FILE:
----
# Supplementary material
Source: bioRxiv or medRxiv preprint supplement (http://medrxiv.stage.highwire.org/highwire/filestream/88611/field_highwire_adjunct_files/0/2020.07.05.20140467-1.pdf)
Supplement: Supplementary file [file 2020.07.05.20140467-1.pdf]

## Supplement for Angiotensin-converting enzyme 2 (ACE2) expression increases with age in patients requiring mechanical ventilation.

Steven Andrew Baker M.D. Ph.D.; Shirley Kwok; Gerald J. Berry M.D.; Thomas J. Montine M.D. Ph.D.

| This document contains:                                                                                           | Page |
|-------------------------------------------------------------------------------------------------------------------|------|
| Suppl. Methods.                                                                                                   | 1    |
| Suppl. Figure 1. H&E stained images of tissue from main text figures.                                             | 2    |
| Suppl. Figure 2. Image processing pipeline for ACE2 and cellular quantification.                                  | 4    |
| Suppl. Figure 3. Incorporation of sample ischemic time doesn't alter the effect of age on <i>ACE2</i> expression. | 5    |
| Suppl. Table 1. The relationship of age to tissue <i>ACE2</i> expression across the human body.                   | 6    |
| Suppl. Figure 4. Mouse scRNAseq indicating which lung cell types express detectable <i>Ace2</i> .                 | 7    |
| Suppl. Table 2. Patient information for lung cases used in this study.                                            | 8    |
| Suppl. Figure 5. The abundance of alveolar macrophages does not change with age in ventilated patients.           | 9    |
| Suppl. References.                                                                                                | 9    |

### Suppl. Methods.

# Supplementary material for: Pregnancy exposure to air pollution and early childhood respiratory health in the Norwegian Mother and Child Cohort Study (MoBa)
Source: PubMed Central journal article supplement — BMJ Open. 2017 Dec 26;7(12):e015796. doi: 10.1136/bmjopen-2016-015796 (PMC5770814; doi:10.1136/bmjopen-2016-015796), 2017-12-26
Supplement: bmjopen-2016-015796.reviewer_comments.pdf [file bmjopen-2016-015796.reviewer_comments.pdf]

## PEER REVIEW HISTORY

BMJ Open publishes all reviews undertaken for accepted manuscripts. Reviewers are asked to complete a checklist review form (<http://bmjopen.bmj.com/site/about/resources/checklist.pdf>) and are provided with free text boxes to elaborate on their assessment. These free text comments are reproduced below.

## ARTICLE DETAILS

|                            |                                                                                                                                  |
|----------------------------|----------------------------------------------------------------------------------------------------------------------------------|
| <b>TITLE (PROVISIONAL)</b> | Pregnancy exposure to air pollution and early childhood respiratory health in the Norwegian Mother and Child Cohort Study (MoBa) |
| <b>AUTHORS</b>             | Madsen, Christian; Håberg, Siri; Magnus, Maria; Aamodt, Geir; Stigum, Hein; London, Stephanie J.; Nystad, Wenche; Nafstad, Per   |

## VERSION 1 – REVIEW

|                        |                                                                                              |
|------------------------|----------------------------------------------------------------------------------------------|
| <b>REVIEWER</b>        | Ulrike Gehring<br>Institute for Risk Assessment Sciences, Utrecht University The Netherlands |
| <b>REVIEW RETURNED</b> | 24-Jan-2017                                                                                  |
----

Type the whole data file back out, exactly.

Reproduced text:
# Supplementary material
Source: bioRxiv or medRxiv preprint supplement (http://medrxiv.stage.highwire.org/highwire/filestream/88611/field_highwire_adjunct_files/0/2020.07.05.20140467-1.pdf)
Supplement: Supplementary file [file 2020.07.05.20140467-1.pdf]

## Supplement for Angiotensin-converting enzyme 2 (ACE2) expression increases with age in patients requiring mechanical ventilation.

Steven Andrew Baker M.D. Ph.D.; Shirley Kwok; Gerald J. Berry M.D.; Thomas J. Montine M.D. Ph.D.

| This document contains:                                                                                           | Page |
|-------------------------------------------------------------------------------------------------------------------|------|
| Suppl. Methods.                                                                                                   | 1    |
| Suppl. Figure 1. H&E stained images of tissue from main text figures.                                             | 2    |
| Suppl. Figure 2. Image processing pipeline for ACE2 and cellular quantification.                                  | 4    |
| Suppl. Figure 3. Incorporation of sample ischemic time doesn't alter the effect of age on <i>ACE2</i> expression. | 5    |
| Suppl. Table 1. The relationship of age to tissue <i>ACE2</i> expression across the human body.                   | 6    |
| Suppl. Figure 4. Mouse scRNAseq indicating which lung cell types express detectable <i>Ace2</i> .                 | 7    |
| Suppl. Table 2. Patient information for lung cases used in this study.                                            | 8    |
| Suppl. Figure 5. The abundance of alveolar macrophages does not change with age in ventilated patients.           | 9    |
| Suppl. References.                                                                                                | 9    |

### Suppl. Methods.

# Supplementary material for: Pregnancy exposure to air pollution and early childhood respiratory health in the Norwegian Mother and Child Cohort Study (MoBa)
Source: PubMed Central journal article supplement — BMJ Open. 2017 Dec 26;7(12):e015796. doi: 10.1136/bmjopen-2016-015796 (PMC5770814; doi:10.1136/bmjopen-2016-015796), 2017-12-26
Supplement: bmjopen-2016-015796.reviewer_comments.pdf [file bmjopen-2016-015796.reviewer_comments.pdf]

## PEER REVIEW HISTORY

BMJ Open publishes all reviews undertaken for accepted manuscripts. Reviewers are asked to complete a checklist review form (<http://bmjopen.bmj.com/site/about/resources/checklist.pdf>) and are provided with free text boxes to elaborate on their assessment. These free text comments are reproduced below.

## ARTICLE DETAILS

|                            |                                                                                                                                  |
|----------------------------|----------------------------------------------------------------------------------------------------------------------------------|
| <b>TITLE (PROVISIONAL)</b> | Pregnancy exposure to air pollution and early childhood respiratory health in the Norwegian Mother and Child Cohort Study (MoBa) |
| <b>AUTHORS</b>             | Madsen, Christian; Håberg, Siri; Magnus, Maria; Aamodt, Geir; Stigum, Hein; London, Stephanie J.; Nystad, Wenche; Nafstad, Per   |

## VERSION 1 – REVIEW

|                        |                                                                                              |
|------------------------|----------------------------------------------------------------------------------------------|
| <b>REVIEWER</b>        | Ulrike Gehring<br>Institute for Risk Assessment Sciences, Utrecht University The Netherlands |
| <b>REVIEW RETURNED</b> | 24-Jan-2017                                                                                  |